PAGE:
Pie Crust for the Lactose Intolerant

My friend and fellow author Nick Malgieri and i took a delightful ride to Brooklyn this past summer to eat at a Turkish restaurant we both love. On the way there, of course, our conversation turned to baking--specifically pie crusts. I mentioned to Nick that I have two friends who are lactose intolerant, which means they can't have pie crusts made with butter. Although lard makes a wonderful pie crust, it isn't always suitable, for example, I don't like the taste of the lard with sweet fillings. Nick mentioned that he had a great olive oil crust in his book The Modern Baker that was just recently released in paperback. The Modern Baker: Time-Saving Techniques for Breads, Tarts, Pies, Cakes and Co He said he was planning to try the crust using nut oils instead of the olive oil. I was so enthusiastic about this that I tried it first but sadly found that on baking, the nut oil loses all of its special flavor. But this means that the olive oil, or say a flavorless oil such as canola oil, works well with sweet fillings. (I also tried it with clarified butter but it made the texture cardboardy.)

The olive oil crust lacks both the flavor and the flakiness of a butter or lard crust but it has several valuable virtues in addition to being suitable for the lactose intolerant or those orthodox Jews who wish to have a pareve pie crust for eating with a meat meal. The oil crust stays soft in the refrigerator and never becomes hard even after baking which means one can use it with pie or fillings, which require refrigeration. The crust rolls like a dream, requiring hardly any flour to keep it from sticking. It holds together well yet is tender when baked. And it doesn't shrink on baking!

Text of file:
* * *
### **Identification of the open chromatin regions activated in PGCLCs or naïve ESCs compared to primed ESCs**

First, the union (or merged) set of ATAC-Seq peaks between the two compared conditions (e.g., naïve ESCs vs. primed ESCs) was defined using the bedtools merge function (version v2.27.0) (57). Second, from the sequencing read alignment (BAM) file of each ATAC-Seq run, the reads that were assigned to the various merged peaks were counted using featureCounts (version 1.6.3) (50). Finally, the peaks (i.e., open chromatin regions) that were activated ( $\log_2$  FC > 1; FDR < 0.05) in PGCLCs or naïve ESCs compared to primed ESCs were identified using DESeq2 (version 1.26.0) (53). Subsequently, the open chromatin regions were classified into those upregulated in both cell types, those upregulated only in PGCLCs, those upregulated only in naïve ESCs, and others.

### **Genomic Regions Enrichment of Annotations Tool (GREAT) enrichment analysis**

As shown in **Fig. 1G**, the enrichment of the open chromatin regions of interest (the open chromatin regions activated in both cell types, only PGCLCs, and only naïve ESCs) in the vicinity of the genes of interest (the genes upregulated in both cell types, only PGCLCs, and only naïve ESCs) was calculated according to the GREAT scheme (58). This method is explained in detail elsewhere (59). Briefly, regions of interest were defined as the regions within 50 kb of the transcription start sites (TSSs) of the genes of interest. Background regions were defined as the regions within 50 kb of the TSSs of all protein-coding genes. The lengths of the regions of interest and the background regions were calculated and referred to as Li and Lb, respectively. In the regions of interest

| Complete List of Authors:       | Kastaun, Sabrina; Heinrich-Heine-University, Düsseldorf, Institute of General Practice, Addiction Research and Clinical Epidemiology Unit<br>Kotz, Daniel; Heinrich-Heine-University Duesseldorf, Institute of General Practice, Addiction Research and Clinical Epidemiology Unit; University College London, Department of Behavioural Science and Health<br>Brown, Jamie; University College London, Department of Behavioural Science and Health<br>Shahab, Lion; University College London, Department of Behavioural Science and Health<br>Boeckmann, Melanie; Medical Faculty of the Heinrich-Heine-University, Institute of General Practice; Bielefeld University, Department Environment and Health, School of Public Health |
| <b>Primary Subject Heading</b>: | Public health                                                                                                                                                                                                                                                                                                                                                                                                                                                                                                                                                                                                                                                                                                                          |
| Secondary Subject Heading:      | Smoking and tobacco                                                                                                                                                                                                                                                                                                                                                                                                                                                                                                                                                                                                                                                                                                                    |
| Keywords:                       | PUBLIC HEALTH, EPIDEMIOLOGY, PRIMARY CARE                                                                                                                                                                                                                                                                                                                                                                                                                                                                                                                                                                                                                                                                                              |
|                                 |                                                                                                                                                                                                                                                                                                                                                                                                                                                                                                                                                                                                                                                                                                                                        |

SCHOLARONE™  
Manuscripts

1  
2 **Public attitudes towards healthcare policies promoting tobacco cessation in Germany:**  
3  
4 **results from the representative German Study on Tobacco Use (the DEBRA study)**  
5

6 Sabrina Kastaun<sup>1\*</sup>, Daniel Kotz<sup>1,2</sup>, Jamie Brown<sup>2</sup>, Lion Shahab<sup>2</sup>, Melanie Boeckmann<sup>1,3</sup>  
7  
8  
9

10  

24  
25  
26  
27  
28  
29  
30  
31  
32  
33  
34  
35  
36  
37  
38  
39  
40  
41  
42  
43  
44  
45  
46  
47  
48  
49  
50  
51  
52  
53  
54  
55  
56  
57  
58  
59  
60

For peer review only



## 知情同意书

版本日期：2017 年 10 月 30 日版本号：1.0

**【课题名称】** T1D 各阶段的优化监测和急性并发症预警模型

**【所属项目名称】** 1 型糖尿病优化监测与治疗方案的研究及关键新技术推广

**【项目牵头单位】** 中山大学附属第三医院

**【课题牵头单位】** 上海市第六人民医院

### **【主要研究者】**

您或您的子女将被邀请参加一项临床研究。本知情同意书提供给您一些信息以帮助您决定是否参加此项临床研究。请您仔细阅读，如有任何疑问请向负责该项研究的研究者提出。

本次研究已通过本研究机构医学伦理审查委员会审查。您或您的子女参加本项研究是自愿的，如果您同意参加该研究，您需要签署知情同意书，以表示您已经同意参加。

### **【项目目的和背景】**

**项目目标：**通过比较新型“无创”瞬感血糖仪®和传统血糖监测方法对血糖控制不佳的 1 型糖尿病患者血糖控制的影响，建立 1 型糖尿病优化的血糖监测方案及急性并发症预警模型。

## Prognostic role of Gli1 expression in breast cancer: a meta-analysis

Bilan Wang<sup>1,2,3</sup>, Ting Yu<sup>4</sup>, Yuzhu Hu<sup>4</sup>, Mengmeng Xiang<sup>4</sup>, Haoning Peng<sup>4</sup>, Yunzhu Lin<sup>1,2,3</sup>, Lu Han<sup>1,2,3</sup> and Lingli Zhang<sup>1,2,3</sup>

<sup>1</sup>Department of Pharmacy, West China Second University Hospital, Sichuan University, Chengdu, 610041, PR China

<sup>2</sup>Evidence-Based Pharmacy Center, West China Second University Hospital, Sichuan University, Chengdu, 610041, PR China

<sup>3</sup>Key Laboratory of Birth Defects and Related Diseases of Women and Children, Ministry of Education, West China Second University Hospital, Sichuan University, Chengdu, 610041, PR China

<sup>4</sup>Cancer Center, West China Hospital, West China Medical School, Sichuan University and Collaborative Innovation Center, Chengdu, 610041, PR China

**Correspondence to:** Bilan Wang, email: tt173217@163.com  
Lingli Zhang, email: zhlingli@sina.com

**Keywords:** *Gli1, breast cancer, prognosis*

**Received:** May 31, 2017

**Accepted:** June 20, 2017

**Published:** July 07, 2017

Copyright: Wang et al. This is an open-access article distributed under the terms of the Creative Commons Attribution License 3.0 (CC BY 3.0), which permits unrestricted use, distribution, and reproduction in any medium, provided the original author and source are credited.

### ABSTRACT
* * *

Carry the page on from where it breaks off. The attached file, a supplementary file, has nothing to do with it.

OLIVE OIL PIE CRUST Adapted from The Modern Baker by Nick Malgieri

all-purpose flour (I used bleached) */1-1/2 cups/7 ounces/ 200/grams
1/2 teaspoon sugar
1/2 teaspoon salt
1/2 teaspoon baking powder (I prefer a non-aluminum one such as Rumford)
1/4 cup olive oil/2 ounces/56 grams
2 large eggs/ 3.5 ounces/100 grams

One 10 or 11-inch tart pan with removable bottom

In a food processor, process the flour, sugar, salt, and baking powder for about 20 seconds to mix well. Add the oil and eggs. Pulse repeatedly until the dough forms little moist particles. Empty the dough into a large plastic bag or sheet of plastic wrap and use the outside of the bag or the wrap to press the dough together into a smooth mass.

Flatten the dough into a disc, wrap and chill it for a minimum of 30 minutes up to 3 days.

*If measuring instead of weighing, stir the flour lightly with a whisk or fork, dip the measuring cup in and use a level blade to sweep off the excess.